I wondered aloud about this paradoxical situation on Twitter last night. Pro-choice feminists, I noted, almost never acknowledge the perhaps counterintuitive fact that the majority of those who support their position on abortion time-limits are men, and the majority of those who want a reduction are women. Why are men more "feminist" that women, at least in this one area? A number of responders simply refused to believe it. Someone suggested that "kyriachy operates by convincing disenfranchised groups to defend the system," which may or may not be the same point as "women have always hated women far more effectively than men have", which was how another woman put it.

Another suggestion was that women are more likely to have strong opinions one way or another, since the issue affects them most directly. Even women who have never had an abortion may have contemplated one, or have had a pregnancy scare, or at the very least have thought through the issues. To have, or not to have, an abortion is a question that almost every woman might potentially have to ask herself, and no man will. Men might well consider that it is not their place to tell women what to do "with their own bodies", while women may have no such inhibition. What is less obvious is why the fact that abortion is so much more personal for women would lead a majority of them to superficially unfeminist conclusions.

One respondent (a man) suggested that "because women with children have experienced being pregnant, therefore they are more aware that the foetus is alive." It would certainly be interesting to know how the opinions of women who had children compared with those who did not. The only hint from the polls was in that striking figure from YouGov that women under 24 were more strongly in favour of lowering the time limit than those in older age-groups who are much more likely to be mothers themselves - which is quite the opposite of what my interlocutor would have expected.

Women who favour further restrictions on abortion might well deny the assumption that a pro-choice position is a feminist one, claiming instead that a liberal abortion regime benefits men. If women have easy (and socially unstigmatised) access to abortion, then men may feel less responsibility for the women they get pregnant or for any resulting child. Men are likely to feel less pressingly the physical and psychological consequences of abortion. So they will be only to happy to concede women's right to choose to terminate a pregnancy, and fear the implications for themselves of more legal restrictions. Such a view is not unknown even in radical feminist circles. Catherine McKinnon once wrote that "abortion facilitates women's heterosexual availability" and "frees male sexual aggression."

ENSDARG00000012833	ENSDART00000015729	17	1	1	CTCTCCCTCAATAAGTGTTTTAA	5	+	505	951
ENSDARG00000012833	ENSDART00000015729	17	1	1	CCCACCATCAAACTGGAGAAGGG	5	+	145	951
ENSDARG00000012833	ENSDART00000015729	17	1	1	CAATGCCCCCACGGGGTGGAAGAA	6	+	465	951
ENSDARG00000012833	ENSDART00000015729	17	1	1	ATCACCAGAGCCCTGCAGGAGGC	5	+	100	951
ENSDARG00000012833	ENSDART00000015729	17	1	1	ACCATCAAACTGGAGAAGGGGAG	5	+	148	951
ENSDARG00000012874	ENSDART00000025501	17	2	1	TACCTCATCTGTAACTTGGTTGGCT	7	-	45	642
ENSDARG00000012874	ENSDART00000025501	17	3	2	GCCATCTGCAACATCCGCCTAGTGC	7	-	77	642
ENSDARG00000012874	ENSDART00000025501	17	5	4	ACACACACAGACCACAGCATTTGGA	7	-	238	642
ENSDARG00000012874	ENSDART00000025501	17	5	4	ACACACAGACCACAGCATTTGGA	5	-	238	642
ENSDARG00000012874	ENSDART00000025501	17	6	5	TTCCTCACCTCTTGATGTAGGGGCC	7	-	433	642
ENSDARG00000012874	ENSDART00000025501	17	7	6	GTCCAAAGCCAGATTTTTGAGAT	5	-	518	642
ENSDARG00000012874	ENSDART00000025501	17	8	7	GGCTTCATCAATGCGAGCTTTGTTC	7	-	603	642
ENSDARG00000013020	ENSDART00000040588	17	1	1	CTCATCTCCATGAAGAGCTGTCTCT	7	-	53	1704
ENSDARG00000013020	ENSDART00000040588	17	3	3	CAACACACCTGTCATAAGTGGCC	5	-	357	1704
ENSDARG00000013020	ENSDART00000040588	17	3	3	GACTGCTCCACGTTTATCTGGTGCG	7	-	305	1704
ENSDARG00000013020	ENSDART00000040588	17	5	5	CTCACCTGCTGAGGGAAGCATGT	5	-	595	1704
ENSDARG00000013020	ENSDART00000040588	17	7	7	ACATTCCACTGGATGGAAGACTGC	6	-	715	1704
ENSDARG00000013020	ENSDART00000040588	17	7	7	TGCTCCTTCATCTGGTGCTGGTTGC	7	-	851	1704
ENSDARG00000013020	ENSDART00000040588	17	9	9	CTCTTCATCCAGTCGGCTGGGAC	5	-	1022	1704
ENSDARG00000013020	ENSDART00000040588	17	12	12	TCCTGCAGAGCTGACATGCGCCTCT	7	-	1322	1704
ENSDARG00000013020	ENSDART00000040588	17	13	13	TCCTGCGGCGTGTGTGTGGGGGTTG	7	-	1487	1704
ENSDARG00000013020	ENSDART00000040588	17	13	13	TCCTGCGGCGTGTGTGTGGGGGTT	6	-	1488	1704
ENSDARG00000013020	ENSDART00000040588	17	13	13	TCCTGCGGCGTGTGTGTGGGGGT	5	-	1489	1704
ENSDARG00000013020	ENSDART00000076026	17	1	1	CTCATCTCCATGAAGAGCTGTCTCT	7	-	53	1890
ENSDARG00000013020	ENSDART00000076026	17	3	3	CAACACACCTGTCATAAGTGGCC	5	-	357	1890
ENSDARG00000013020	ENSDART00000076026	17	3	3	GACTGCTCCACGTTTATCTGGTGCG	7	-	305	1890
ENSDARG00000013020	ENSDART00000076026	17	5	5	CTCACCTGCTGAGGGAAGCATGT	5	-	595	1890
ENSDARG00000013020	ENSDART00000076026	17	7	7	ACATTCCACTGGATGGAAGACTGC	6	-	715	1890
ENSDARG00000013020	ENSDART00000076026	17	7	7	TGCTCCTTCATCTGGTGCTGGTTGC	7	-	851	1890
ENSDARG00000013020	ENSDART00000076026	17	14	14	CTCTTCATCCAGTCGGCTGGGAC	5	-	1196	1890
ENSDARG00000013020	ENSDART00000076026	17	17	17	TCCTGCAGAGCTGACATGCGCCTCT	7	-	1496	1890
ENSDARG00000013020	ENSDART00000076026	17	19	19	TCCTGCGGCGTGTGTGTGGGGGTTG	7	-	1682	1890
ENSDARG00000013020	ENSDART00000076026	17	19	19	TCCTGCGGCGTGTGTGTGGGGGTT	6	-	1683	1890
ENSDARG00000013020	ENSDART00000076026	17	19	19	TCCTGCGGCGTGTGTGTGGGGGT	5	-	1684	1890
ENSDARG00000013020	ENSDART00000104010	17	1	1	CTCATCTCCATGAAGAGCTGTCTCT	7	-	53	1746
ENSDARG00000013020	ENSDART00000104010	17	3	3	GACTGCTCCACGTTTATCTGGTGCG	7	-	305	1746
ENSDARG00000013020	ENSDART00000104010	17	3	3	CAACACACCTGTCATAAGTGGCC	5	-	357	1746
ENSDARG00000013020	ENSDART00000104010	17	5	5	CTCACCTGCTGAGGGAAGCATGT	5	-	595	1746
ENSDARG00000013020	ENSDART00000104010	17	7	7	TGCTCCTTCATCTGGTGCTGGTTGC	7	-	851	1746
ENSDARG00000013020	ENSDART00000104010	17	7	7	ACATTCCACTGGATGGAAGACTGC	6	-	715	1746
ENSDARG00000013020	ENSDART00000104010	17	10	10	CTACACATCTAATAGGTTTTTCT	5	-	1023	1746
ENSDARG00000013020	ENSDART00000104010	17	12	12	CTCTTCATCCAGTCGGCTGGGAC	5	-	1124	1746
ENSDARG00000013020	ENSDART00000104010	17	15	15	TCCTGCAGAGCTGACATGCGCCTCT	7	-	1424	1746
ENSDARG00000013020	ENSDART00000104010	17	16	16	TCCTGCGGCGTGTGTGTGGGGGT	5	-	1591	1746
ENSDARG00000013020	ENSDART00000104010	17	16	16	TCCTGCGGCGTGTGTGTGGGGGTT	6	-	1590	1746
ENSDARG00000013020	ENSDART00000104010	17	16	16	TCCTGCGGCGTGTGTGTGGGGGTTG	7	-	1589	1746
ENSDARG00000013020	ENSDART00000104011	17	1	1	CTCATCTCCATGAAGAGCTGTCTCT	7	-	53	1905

Or perhaps it's just that, on average, men are more responsive to abstract arguments that tend to favour the principle of choice and personal autonomy, while women (again, on average) may be more swayed by emotive images of unborn children with fingernails and smiles.

One thing that does seem clear to me is that the pro-choice position depends less on a feminist argument than on a libertarian one. It says that a woman is, first and foremost, her own person, belonging neither to her family nor to her community or religion nor to her biological destiny but to herself. It asserts the primacy of the individual over the community and offers a scientifically reductionist view of the foetus as being essentially a biological fact and not yet a human being with rights. Research consistently shows that men are more responsive than women to libertarian arguments; women's instincts tend more to the communitarian. So perhaps we should expect men to "get" the pro-choice case more readily than women, despite the assumption that pro-life is anti-women. In this matter at least feminism goes with the grain of male nature and against the female.

But hang on a minute. Isn't libertarianism supposed to be right-wing? Aren't pro-choice feminists predominantly of the left? Is it not true that the most vocal campaigns for abortion restriction are rooted on the political right, especially on the religious right? It is. I merely point out the paradox. I do not purport to account for it.

Pro-life supporters campaign for a shorter time limit for abortions outside the House of Commons in 2008. Photograph: Getty Images.
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Meet Anne Marie Waters - the Ukip politician too extreme for Nigel Farage

In January 2016, Waters launched Pegida UK with former EDL frontman Steven Yaxley-Lennon (aka Tommy Robinson). 

There are few people in British political life who can be attacked from the left by Nigel Farage. Yet that is where Anne Marie Waters has found herself. And by the end of September she could well be the new leader of Ukip, a party almost synonymous with its beer-swilling, chain-smoking former leader.